Reinvigorating Häagen-Dazs

Bose joined Häagen-Dazs from L’Oréal two years ago and admits that when he first started he didn’t realise the scale of the work that needed doing on the brand.

“I signed up without realising some of the challenges the brand faced in the UK. It is doing very well but it has sat on its laurels and it didn’t move at a rapid pace,” he says.

“We came in as a new team and wanted to fundamentally step change the brand. And to do that we couldn’t continue how we were. We had to make marked changes on pack, in the ways we are talking to consumers, find a new purpose and play into new formats.”

It launched its new brand positioning ‘Everyday Made Extraordinary’, in May, backing it with a £5m investment. And it is shifting its media spend from “almost totally” traditional to around a 50/50 split between traditional and social media.

Bose believes the work he and his team have undertaken over the past two years has been the biggest thing to happen to the brand since it launched in the UK in 1991. Back then, it disrupted the market with its focus on adults and 500ml packs, and it wants to do the same again now by pushing its quality positioning and focusing on product innovations.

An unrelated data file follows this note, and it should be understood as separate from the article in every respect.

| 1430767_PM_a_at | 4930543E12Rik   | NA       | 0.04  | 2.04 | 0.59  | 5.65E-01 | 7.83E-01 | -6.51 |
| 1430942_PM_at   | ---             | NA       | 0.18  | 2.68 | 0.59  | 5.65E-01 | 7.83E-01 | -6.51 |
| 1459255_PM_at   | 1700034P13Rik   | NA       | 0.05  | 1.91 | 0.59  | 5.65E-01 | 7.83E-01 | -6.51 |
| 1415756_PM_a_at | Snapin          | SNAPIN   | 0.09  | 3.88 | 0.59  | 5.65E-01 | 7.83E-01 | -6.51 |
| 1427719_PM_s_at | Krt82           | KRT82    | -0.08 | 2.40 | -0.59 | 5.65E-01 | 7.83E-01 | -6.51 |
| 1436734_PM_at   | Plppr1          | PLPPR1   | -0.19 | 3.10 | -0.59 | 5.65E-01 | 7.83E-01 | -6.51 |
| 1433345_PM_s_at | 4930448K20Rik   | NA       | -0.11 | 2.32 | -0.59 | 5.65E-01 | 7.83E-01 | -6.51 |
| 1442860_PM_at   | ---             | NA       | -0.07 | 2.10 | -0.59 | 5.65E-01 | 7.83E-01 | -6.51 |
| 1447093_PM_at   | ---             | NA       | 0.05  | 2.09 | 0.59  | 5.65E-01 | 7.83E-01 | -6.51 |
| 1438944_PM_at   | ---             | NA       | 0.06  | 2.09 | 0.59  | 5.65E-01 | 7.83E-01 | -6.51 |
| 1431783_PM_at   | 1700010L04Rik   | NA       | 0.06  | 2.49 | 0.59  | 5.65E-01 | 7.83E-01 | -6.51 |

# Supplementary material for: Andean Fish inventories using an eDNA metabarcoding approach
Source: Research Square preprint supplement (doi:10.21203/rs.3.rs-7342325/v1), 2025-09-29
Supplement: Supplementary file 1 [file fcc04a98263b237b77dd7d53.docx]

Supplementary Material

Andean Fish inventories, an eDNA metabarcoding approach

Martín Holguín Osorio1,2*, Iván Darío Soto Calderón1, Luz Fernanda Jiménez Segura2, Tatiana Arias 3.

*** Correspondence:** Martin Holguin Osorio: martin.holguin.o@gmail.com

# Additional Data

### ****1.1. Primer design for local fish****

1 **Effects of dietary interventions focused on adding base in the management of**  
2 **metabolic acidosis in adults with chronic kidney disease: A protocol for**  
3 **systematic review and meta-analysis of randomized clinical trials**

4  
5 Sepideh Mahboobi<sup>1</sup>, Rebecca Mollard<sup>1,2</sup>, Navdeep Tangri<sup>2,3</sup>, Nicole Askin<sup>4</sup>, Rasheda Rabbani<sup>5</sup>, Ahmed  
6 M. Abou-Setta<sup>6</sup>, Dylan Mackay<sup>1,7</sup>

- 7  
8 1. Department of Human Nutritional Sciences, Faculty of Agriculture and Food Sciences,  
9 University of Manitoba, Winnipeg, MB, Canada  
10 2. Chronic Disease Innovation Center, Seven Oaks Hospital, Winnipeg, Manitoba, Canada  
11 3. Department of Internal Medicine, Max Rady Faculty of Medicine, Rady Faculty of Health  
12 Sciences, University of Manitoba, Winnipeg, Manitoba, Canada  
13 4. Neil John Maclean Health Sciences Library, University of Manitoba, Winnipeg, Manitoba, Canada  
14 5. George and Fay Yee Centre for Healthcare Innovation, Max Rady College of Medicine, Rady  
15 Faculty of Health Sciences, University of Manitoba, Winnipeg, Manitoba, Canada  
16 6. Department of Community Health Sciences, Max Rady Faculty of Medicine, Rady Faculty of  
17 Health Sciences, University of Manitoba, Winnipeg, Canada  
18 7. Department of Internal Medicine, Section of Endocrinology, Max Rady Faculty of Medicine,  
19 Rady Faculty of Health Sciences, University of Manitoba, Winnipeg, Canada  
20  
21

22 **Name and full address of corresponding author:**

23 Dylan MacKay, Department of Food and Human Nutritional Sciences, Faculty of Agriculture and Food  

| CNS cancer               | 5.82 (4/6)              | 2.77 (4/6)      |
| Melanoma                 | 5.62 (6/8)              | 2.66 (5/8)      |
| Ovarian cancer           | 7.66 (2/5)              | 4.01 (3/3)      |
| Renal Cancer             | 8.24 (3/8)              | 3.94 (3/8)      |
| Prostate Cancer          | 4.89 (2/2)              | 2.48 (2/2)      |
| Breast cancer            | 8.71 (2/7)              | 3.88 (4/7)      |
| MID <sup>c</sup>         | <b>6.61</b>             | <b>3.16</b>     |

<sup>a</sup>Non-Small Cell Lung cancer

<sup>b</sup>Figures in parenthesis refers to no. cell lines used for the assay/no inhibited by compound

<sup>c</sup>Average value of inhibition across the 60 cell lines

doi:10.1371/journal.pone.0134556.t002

Chasing millennials

Bose readily admits that Häagen-Dazs, while retaining a “lot of love with baby boomers’, had lost relevance among millennials. And this is backed up by figures from YouGov BrandIndex. Its Index score, a measure of a range of metrics including quality and reputation, shows Häagen-Dazs in seventh place among those aged 18 to 24 in a list of snack foods, with Ben & Jerry’s coming out first. Among the general population Häagen-Dazs beats Ben & Jerry’s.

“As a brand we had aged. Consumers would tells us we were posh, sophisticated, elegant – all the right things. But we weren’t seen as relevant,” he explains. “The aim now is to create engagement in the best manner that millennials will associate with, and have that rub off onto the brand in terms of relevance.

“But while the reinvention was important to start engaging with millennials, it was equally important that [baby boomers] didn’t fall out of love with us or feel alienated.

“Our worst nightmare would have been people saying ‘what has Häagen-Dazs done? And them thinking we had tried to be something we’re not. In staying true to our purpose, we haven’t changed our logo or our colours or anything crazy. We have held onto what has been good and works for us. We want to stand for modernity and a brand that is innovative.”